How Mall of America is using data it gets from shoppers on the free Wi-Fi

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We already know that sites like Facebook collect data from their users to target advertisements and determine their political preferences.

But the Mall of America is also collecting data on the shoppers that log into its 5.6-million-square-foot Wi-Fi network.

The Wi-Fi network has beacons that track shoppers through "heat maps" keeping track of where shoppers enter the mall, where they go and how long they stay, according to Mobile Sports Report.

MOA hasn't even had their free Wi-Fi service up for a year. It first became available last October before the holiday shopping season, says the Star Tribune. 

MOA didn't offer Wi-Fi until long after other malls in the area already had the service, explained the Star Tribune in an earlier article. That was partly because it was a challenge to install a network in such a huge place, mall executives wanted a flexible network that could be expanded on, and they wanted a more sophisticated system that could track shoppers.

Over the course of approximately the first seven months that the network was active, over 300,000 shoppers logged on, using 486 terabytes of data traffic, reported BusinessWire. (For context, 400 million people visit MOA each year.)

The mall teamed up with the University of Minnesota's Carlson School of Management to study and analyze the data. A group of students in the Business Analytics Master's program spent a semester looking at foot traffic patterns, dwell times in particular locations, shopper affinities for certain retail brands, and the impacts of mall events, according to MinneAnalytics.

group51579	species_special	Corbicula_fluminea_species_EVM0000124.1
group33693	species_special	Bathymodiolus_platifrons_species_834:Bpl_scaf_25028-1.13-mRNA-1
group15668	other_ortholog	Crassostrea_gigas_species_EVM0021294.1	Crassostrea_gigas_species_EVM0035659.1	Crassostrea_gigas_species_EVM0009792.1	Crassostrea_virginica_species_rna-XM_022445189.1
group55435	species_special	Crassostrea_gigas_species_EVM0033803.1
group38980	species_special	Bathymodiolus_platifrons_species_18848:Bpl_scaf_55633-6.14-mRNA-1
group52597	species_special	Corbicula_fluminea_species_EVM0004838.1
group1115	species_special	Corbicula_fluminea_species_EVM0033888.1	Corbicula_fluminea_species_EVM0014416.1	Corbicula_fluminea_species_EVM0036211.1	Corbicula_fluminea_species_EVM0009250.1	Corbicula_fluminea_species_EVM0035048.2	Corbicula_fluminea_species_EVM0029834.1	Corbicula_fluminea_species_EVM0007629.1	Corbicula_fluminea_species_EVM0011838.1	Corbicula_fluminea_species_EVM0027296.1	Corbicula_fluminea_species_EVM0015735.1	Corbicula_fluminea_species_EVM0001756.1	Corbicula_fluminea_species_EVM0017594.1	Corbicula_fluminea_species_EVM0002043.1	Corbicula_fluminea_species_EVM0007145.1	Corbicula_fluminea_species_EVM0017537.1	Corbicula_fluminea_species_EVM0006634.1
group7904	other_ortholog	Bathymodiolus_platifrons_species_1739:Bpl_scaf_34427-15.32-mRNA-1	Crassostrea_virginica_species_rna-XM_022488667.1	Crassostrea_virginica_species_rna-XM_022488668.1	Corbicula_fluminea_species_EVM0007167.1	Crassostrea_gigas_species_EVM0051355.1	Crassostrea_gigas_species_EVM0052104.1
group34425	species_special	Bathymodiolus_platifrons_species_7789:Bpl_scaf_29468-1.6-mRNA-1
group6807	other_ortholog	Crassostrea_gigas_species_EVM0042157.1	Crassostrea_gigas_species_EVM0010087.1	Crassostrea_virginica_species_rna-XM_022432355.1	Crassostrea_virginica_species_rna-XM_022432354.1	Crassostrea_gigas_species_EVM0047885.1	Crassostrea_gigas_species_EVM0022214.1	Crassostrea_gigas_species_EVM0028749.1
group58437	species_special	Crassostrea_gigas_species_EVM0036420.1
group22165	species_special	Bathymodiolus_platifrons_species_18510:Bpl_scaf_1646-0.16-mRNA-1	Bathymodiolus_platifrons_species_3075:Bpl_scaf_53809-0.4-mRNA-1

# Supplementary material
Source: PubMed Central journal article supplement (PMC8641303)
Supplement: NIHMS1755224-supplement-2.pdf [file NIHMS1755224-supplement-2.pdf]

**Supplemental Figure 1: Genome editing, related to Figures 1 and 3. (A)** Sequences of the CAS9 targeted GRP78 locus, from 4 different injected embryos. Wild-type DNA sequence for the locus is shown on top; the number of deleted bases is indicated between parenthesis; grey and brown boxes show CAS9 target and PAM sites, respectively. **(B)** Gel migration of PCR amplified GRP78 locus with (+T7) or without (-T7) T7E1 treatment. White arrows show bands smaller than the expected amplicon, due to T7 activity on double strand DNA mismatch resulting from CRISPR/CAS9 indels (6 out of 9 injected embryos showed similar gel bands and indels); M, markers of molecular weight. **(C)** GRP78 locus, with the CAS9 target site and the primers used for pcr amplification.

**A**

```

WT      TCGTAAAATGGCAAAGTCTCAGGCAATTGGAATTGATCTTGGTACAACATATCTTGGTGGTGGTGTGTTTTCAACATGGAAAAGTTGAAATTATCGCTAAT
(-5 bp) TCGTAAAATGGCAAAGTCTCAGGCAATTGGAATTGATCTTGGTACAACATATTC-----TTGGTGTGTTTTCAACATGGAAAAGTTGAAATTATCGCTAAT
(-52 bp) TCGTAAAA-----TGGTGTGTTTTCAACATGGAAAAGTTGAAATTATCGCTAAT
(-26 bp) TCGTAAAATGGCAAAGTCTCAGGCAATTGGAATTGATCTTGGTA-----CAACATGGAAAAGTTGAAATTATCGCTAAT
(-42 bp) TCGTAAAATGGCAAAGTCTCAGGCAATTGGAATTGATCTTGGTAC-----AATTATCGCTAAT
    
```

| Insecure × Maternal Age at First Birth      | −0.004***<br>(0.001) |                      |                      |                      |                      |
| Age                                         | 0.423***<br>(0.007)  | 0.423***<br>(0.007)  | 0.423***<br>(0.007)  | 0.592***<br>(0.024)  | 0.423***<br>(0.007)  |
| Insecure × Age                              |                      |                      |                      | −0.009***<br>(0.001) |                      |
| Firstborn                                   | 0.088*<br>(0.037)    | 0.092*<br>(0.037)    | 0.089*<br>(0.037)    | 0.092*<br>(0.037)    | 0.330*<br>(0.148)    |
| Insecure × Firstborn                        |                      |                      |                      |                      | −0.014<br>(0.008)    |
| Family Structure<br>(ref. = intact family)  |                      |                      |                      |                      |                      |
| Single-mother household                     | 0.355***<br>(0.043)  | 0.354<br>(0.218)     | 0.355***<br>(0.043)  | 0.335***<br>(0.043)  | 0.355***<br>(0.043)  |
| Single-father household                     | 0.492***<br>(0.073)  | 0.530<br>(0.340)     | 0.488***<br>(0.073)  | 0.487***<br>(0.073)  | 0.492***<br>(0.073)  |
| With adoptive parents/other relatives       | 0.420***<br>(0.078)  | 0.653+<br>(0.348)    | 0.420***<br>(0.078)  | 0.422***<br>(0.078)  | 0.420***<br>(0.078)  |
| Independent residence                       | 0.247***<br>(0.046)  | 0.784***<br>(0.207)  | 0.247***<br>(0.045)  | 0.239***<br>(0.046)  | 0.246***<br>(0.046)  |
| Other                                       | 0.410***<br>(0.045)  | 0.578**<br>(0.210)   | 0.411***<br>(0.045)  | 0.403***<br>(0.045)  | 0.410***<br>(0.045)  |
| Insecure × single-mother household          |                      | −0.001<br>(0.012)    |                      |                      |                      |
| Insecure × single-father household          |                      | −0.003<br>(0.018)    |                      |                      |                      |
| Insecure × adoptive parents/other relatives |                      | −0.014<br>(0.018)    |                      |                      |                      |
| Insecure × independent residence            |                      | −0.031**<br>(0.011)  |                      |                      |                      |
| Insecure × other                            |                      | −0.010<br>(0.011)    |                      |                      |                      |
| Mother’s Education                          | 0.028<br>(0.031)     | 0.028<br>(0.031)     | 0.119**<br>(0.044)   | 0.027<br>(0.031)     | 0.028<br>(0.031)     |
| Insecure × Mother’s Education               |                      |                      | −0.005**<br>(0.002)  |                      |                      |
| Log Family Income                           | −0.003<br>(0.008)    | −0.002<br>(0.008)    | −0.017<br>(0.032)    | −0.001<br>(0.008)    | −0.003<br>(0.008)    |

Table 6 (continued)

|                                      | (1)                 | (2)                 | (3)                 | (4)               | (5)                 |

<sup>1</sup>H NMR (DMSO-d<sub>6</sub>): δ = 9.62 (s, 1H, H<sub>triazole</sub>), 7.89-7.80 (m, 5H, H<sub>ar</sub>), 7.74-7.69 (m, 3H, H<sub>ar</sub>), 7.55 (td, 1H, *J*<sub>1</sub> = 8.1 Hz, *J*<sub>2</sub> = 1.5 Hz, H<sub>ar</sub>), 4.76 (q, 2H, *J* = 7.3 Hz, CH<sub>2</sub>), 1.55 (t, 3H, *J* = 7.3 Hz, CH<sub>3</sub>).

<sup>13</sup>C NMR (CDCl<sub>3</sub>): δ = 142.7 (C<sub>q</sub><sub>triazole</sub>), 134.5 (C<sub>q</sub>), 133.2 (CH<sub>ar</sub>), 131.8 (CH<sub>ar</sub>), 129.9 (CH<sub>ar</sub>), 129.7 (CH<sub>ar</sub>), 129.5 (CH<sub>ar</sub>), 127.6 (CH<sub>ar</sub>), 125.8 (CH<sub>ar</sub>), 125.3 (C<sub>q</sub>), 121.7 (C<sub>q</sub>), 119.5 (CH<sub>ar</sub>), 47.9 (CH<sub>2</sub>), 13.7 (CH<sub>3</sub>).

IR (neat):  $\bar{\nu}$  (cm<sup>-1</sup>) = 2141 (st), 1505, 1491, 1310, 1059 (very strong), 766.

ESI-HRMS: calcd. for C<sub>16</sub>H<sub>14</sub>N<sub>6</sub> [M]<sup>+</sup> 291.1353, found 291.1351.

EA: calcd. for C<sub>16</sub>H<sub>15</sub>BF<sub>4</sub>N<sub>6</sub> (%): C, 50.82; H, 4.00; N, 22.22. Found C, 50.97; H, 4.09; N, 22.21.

“Understanding and analysis of this sort of data is just getting started world-wide,” Richard Archer, student project leader, told MinneAnalytics. “Being on the forefront of it was a big challenge, and an exciting opportunity.”

What have they found out?

Here are just few facts that the business students found, according to Mobile Sports Report:

  • During the mall's 400 events, 39 percent of event attendees visited food courts compared to 25 percent of non-event mall visitors.
  • If visitors were given free admission to the amusement park, they spent 40 percent of their time at the mall elsewhere which suggested that free entry could increase shopping.

Janette Smrcka, IT director for Mall of America, told Mobile Sports Report that the mall hopes to use this data to improve customer experiences instead of relying on time consuming surveys and focus groups.

“We’re just at the beginning of being able to use all of this valuable data and translate it into actionable information,” she said.

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How Mall of America is using data it gets from shoppers on the free Wi-Fi

Mall of America is collecting data on the shoppers that log into its 5.6-million-square-foot Wi-Fi network.